After the killing of George Floyd, Richmond became a focus of international attention considering the city was the former Capital of the Confederacy. The expression of centuries of frustration and disappointment culminated in largely peaceful demonstrations and protests. The anger was not only directed at police, it was directed at the symbols of racism and hate lining Richmond’s historic thoroughfare Monument Avenue. Statues honoring confederates like Jefferson Davis and Lee Monument.
Immediately following the murder of Floyd, Craig reflected with Richmond entrepreneurs Ace Callwood and Zane Gibbs at the Robert E. Lee statue. Conversations with Dontrese Brown, a young, networked black entrepreneur shared his Hidden in Plain Site project (HiPS). Made possible by Dontrese and his two partners Dean Browell and David Waltenbaugh, HiPS marries 360 video with historic images to shed light on famous and infamous sights in Richmond. These sites have all too often been paved over with parking lots.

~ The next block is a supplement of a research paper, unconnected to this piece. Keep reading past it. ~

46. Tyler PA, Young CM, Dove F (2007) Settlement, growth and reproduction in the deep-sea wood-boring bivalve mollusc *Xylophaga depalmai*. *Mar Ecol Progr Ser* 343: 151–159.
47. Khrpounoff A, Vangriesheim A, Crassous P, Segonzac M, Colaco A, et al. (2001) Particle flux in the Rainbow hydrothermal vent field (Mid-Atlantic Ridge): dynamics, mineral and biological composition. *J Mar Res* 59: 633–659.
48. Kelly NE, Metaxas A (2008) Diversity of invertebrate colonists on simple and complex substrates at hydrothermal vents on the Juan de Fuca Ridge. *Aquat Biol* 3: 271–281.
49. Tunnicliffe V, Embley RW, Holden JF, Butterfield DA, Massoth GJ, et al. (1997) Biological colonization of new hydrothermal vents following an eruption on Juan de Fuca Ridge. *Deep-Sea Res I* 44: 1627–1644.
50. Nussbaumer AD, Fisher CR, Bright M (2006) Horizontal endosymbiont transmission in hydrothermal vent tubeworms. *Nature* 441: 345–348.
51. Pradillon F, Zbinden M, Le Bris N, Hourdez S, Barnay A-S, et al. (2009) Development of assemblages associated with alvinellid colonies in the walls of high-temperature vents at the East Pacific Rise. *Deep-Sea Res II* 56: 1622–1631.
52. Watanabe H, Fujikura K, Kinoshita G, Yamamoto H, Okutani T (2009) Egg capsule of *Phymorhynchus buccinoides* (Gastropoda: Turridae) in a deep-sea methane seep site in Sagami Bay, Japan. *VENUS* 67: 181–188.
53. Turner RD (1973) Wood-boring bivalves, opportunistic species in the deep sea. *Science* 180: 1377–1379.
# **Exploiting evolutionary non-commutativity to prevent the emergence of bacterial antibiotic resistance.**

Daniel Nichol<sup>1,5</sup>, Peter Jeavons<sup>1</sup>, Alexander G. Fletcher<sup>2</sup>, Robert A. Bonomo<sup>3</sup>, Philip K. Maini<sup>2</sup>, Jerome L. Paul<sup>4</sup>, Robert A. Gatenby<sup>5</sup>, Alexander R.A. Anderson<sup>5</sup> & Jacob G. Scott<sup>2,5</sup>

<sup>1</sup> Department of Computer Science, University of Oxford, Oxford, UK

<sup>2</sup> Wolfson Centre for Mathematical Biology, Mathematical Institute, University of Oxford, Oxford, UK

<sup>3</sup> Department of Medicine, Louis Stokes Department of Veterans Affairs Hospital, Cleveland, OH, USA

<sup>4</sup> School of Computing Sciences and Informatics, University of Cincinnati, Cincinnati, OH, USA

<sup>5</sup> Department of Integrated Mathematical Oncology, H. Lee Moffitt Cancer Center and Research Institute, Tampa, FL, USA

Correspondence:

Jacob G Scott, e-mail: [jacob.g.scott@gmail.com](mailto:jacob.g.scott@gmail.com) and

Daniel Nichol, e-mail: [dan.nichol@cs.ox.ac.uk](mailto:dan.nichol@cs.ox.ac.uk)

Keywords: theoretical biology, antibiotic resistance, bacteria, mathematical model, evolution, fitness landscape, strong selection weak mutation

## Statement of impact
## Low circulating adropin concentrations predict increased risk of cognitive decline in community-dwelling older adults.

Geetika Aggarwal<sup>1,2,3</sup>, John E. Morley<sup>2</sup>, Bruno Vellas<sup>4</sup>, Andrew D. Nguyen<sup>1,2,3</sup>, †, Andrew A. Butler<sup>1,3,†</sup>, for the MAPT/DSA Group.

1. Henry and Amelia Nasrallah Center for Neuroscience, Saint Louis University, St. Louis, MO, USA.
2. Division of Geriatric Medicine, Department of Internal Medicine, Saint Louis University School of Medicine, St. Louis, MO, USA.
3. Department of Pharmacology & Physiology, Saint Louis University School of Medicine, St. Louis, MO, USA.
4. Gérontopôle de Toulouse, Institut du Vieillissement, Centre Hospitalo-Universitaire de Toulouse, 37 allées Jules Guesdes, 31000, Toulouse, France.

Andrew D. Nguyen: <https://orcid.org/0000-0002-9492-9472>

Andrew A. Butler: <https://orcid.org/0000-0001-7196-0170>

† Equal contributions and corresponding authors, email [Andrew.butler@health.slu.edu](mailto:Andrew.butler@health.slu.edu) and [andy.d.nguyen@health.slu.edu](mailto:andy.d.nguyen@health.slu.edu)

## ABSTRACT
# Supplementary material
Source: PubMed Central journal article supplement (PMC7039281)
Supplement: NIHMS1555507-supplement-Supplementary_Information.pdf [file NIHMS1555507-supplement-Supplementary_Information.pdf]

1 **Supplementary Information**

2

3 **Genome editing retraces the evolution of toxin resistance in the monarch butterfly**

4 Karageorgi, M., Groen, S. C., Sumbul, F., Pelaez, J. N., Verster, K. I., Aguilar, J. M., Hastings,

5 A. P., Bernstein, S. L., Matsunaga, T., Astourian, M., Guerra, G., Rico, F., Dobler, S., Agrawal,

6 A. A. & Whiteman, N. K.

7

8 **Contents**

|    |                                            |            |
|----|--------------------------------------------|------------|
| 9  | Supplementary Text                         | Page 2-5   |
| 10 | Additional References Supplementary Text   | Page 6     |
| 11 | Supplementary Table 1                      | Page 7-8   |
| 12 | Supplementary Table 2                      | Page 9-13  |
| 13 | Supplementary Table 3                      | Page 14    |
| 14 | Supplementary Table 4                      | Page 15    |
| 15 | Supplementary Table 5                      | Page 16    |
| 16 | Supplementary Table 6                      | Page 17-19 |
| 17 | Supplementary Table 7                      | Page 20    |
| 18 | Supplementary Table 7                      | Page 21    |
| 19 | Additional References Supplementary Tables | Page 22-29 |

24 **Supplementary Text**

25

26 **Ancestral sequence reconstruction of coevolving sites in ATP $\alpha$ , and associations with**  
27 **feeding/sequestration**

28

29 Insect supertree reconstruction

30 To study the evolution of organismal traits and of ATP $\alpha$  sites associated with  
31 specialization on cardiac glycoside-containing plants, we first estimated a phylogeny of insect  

Additionally, curator Valerie Oliver at the Virginia Museum of Fine Arts talks about the impact and importance of Kehinde Wiley’s iconic statue, “Rumors of War” which stands at the front of the museum. The hip-hop inspired replica of the J.E.B. Stuart statue faces Arthur Ashe Boulevard which was recently renamed from The Boulevard. The name change happened with the help of young progressives like Dontrese. The purpose of these alterations is to set aside old and painful reminders of Richmond’s slave past, embracing a positive era of racial reconciliation and hope.